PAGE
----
The candidates for director of Community Development may have similar last names but that's about where the similarities end.
Sheila Roark-Miller, of Carlsborg, and incumbent John Miller, of Port Angeles, disagreed on environmental policies, storm water management and building regulation at a debate hosted by the Concerned Citizens of Clallam County on Monday, Aug. 23.
During the debate, Miller mentioned his interest in fish habitat and restoration. One of the biggest reasons for his acceptance of a job with the Elwha Tribe was to be part of the Elwha River restoration after the dams were removed, he said.
Roark-Miller said she does not support the dam removal.
"John Miller wants to protect salmon," she said early in the debate. "I want to mooch for it and eat it."
A question was asked about the newly-formed Building Code Board of Appeals. Miller said he was opposed to forming the board but now that it has been adopted, the role of the Department of Community is just to accept the appeals and pass it on to the board.
Roark-Miller said if she had been running the department, the board never would have been necessary.
The board was needed because of a lack of understanding about the rules and it never would've gotten to that point if she were in office, she said.
Another question addressed the department's use of a storm water manual and whether or not the candidates would prefer a local or state manual.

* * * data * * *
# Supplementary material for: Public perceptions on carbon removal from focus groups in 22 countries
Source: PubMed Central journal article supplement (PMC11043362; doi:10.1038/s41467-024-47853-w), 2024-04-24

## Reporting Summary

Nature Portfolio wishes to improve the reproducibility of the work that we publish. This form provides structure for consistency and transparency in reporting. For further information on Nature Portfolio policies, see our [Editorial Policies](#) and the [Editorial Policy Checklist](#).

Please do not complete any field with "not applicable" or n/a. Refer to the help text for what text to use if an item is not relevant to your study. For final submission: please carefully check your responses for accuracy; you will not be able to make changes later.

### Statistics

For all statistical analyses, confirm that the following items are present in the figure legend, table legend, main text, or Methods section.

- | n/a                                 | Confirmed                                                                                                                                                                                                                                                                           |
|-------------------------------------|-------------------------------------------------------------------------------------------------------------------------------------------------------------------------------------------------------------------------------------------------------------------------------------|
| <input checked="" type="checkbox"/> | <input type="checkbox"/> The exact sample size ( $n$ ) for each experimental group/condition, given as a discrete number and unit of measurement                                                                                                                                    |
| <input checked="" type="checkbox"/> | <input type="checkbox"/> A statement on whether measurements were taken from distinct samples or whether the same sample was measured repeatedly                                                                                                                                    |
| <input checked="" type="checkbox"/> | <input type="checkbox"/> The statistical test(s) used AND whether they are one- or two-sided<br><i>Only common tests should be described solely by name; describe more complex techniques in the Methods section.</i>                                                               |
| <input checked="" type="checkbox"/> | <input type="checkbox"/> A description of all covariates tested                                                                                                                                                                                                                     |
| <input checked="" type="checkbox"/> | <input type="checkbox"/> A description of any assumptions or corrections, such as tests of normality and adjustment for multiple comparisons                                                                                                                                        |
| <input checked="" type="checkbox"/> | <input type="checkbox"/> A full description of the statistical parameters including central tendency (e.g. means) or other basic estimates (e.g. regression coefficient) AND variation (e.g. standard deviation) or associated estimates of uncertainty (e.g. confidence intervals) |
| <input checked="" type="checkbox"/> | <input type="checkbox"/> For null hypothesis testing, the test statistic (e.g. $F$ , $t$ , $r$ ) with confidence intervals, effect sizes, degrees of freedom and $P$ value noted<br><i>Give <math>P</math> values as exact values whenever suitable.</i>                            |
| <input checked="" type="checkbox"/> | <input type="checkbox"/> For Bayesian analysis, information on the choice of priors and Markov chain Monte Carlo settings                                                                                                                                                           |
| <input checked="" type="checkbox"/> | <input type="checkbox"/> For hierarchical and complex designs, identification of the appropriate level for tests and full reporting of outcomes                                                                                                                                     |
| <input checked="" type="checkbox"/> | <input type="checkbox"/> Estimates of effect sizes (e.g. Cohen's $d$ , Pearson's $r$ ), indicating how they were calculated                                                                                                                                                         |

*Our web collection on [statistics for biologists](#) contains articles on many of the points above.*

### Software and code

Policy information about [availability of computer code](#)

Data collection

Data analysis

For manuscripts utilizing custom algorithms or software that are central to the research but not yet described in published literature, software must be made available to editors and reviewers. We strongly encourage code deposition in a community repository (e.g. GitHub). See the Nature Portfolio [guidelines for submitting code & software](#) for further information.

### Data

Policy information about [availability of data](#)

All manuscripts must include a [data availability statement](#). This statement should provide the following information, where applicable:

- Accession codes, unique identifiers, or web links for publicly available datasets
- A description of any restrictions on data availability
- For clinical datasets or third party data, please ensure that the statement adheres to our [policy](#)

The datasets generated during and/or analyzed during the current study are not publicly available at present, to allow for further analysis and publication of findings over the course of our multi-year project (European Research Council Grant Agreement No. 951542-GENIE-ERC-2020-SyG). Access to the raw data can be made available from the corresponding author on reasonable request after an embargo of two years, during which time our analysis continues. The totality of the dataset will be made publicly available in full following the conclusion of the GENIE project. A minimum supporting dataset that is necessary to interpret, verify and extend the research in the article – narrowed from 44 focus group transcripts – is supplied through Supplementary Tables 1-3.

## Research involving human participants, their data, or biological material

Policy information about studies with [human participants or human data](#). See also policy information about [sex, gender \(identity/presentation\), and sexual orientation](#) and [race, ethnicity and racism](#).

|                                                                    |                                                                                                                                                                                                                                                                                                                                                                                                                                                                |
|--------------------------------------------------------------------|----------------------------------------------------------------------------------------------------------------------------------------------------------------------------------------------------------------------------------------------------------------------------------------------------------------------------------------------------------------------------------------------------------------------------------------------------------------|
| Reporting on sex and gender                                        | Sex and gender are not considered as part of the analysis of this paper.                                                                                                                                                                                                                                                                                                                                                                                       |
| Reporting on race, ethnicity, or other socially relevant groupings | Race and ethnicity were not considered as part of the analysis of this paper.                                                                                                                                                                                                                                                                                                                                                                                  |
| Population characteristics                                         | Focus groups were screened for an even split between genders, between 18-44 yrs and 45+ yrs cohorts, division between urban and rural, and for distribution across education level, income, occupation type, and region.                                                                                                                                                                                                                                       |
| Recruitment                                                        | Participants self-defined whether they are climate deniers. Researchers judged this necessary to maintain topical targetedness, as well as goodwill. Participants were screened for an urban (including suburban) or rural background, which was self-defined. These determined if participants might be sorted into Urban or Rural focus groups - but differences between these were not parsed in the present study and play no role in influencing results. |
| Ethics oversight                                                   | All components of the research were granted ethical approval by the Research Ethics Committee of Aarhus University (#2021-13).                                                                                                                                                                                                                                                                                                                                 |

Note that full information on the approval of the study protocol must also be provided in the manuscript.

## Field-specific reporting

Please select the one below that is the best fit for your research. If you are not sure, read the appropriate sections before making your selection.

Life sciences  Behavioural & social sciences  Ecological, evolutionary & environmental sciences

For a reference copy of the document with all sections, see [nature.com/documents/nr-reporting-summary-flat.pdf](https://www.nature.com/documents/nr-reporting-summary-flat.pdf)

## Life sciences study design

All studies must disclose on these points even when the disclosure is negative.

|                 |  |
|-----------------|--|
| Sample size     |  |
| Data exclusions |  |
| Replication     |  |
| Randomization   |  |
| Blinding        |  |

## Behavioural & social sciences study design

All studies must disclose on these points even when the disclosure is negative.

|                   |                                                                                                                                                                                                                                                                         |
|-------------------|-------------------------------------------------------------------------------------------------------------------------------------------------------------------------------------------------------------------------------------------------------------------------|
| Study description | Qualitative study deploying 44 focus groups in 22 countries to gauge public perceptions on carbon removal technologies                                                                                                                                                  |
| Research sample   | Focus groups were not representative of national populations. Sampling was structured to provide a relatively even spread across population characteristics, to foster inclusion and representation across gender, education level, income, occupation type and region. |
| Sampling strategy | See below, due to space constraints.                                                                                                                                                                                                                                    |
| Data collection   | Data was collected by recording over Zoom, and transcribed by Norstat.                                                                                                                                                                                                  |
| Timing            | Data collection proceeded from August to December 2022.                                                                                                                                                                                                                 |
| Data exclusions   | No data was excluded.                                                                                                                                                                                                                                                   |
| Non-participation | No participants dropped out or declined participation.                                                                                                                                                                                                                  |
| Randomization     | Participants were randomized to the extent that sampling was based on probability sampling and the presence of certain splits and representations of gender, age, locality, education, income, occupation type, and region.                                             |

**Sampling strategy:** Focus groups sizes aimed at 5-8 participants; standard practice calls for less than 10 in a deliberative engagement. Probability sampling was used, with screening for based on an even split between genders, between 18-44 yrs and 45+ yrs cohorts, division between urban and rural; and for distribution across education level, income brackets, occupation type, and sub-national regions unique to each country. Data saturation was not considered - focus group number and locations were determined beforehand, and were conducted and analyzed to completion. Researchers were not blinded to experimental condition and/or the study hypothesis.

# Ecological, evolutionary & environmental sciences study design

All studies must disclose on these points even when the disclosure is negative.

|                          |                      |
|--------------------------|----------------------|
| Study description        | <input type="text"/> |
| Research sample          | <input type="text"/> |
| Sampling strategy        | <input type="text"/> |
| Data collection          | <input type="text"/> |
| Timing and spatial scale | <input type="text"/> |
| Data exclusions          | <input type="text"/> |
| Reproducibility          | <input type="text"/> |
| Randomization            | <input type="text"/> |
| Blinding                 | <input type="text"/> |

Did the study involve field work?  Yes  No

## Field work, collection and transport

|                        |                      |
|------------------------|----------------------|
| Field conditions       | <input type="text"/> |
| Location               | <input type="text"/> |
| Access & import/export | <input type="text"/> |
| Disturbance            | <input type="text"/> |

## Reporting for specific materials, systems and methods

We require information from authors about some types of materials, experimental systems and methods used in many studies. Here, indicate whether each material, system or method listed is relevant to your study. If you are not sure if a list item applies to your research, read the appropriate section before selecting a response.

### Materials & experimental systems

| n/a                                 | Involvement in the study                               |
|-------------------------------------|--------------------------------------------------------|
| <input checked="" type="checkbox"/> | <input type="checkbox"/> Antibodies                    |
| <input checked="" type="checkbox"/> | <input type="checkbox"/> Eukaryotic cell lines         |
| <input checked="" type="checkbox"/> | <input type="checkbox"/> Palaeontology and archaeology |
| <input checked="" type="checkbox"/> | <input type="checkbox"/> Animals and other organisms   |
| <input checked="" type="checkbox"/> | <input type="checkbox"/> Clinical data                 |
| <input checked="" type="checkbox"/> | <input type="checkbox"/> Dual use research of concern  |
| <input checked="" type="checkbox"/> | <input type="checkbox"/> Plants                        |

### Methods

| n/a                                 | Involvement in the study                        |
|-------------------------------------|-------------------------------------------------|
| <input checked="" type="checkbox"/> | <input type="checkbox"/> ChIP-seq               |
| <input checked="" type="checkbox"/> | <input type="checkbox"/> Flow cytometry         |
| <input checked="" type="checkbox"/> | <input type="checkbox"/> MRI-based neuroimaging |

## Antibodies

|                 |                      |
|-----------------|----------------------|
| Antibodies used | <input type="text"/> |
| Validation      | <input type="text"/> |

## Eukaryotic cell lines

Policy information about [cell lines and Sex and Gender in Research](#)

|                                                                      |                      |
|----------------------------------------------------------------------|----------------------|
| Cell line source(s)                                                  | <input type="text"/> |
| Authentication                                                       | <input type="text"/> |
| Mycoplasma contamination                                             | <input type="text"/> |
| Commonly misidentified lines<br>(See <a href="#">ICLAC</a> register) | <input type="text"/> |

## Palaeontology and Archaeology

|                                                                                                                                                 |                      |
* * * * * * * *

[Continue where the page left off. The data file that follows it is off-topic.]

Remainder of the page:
Roark-Miller said the department uses its own locally written ordinance and she would prefer the state manual because it is simpler.
Miller said the Department of Ecology's storm water manual is 4 to 5 inches thick and was written in 2005. He pointed out the Department of Public Works handles storm water regulation, not the Department of Community Development.
On the topic of whether or not regulations impact housing prices, Miller said most expenses have to do with on-site erosion and additional storm water requirements would apply based on the Puget Sound Partnership.
Roark-Miller said state and local regulations have a direct impact on housing costs. One such regulation required that a 2-foot foundation needed a water-protectant seal, she said. That affected turn-around time, labor and other areas of development, she said.
The regulation was removed later after members of the North Peninsula Building Association took issue with it and a county official researched the requirement, Miller said.
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